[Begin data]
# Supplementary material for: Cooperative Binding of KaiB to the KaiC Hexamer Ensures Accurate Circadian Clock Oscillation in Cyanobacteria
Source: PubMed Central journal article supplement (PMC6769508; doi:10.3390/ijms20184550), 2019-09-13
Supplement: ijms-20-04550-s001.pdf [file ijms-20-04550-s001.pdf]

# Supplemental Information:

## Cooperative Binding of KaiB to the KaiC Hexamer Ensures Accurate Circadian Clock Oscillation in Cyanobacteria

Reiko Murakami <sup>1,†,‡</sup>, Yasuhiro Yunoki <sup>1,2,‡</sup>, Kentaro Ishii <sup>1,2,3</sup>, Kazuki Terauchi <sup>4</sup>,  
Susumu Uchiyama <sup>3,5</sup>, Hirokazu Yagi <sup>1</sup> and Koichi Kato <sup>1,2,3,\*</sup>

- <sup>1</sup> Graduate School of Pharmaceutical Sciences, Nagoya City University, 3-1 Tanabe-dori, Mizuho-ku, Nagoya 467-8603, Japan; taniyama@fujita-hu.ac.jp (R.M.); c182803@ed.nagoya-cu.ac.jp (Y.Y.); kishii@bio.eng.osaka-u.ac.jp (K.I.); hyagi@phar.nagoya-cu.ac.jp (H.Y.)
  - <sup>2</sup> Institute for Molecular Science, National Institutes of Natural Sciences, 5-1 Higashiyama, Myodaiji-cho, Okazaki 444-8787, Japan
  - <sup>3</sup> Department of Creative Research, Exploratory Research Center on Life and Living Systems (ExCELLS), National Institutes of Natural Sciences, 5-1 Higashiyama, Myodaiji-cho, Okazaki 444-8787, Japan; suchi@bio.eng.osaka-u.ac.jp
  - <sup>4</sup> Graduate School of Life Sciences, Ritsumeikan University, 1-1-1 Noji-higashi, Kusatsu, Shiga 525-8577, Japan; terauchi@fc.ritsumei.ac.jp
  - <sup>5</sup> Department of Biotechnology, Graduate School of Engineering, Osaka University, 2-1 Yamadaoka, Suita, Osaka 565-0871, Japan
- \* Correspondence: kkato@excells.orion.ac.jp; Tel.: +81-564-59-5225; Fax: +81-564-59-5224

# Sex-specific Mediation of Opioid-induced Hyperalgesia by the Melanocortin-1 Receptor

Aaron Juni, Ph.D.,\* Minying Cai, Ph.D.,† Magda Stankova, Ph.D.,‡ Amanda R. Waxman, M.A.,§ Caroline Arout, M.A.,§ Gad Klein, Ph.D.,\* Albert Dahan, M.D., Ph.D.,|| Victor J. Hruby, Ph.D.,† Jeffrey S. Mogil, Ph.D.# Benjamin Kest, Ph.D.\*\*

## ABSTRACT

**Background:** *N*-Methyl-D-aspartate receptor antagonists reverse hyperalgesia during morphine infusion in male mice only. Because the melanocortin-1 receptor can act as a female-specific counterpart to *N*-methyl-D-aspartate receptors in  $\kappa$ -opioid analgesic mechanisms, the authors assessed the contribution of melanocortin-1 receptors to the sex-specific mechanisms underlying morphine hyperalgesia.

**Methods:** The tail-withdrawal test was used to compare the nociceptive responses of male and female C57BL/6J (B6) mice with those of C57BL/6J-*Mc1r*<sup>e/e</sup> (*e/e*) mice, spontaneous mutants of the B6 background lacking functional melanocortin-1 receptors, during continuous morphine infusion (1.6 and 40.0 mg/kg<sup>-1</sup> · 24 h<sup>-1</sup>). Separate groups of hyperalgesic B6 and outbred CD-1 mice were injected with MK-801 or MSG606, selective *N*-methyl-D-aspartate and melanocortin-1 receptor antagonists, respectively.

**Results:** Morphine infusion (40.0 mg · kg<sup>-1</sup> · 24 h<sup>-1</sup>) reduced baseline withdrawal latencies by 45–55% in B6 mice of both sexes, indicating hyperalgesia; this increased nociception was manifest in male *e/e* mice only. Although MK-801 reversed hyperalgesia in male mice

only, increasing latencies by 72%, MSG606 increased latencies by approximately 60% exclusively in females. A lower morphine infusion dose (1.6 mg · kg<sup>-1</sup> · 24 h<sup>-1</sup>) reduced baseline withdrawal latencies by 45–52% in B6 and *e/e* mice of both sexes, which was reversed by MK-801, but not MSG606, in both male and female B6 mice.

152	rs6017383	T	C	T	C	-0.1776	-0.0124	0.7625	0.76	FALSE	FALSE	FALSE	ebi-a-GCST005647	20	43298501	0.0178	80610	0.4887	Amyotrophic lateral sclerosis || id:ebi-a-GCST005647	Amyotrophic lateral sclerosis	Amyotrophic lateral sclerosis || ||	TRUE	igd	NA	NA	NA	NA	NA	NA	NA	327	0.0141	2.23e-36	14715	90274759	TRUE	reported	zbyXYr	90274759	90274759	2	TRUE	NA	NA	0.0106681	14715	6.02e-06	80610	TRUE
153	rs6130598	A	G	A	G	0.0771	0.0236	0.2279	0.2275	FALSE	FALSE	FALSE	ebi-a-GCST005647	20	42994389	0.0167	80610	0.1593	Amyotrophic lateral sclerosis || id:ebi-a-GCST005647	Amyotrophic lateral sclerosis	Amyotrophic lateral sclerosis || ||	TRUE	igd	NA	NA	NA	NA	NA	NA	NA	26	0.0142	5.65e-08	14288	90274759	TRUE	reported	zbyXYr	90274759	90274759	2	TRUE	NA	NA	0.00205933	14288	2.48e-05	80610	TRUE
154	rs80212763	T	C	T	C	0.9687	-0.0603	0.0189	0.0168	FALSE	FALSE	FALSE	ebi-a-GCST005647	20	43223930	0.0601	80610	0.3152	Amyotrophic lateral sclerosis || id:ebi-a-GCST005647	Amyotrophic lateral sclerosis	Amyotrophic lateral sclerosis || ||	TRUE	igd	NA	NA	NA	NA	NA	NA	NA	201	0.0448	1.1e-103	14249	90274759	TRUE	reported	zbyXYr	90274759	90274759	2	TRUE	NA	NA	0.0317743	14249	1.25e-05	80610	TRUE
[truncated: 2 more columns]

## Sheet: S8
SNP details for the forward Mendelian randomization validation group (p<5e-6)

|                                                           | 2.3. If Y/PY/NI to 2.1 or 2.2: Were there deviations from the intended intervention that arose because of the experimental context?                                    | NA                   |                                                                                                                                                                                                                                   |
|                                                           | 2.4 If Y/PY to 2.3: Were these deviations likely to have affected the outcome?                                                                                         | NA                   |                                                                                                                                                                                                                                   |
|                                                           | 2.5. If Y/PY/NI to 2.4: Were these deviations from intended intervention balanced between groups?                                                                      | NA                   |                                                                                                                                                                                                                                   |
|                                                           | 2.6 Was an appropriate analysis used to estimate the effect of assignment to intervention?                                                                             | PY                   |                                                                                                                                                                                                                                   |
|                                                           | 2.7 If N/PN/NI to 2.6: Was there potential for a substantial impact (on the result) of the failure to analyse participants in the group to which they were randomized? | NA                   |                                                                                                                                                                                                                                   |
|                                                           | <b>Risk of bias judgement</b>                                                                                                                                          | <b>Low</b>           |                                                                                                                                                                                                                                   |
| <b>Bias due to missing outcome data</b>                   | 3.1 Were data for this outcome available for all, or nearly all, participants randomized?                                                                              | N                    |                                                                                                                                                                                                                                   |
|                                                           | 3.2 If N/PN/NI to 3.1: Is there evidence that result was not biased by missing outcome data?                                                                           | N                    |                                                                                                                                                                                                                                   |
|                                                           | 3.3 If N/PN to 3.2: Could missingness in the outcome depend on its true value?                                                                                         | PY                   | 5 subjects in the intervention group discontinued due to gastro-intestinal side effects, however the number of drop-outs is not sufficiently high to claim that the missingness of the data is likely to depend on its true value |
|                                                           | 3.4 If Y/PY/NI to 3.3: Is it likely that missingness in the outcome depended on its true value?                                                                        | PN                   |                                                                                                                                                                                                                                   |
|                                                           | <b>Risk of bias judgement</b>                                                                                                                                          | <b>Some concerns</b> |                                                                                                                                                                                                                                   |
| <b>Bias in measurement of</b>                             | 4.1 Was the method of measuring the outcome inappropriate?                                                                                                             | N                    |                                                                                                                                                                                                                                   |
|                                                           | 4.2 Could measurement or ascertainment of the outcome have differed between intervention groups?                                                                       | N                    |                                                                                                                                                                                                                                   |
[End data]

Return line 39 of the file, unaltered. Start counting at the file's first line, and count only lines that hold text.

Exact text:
|                                                           | 4.2 Could measurement or ascertainment of the outcome have differed between intervention groups?                                                                       | N                    |                                                                                                                                                                                                                                   |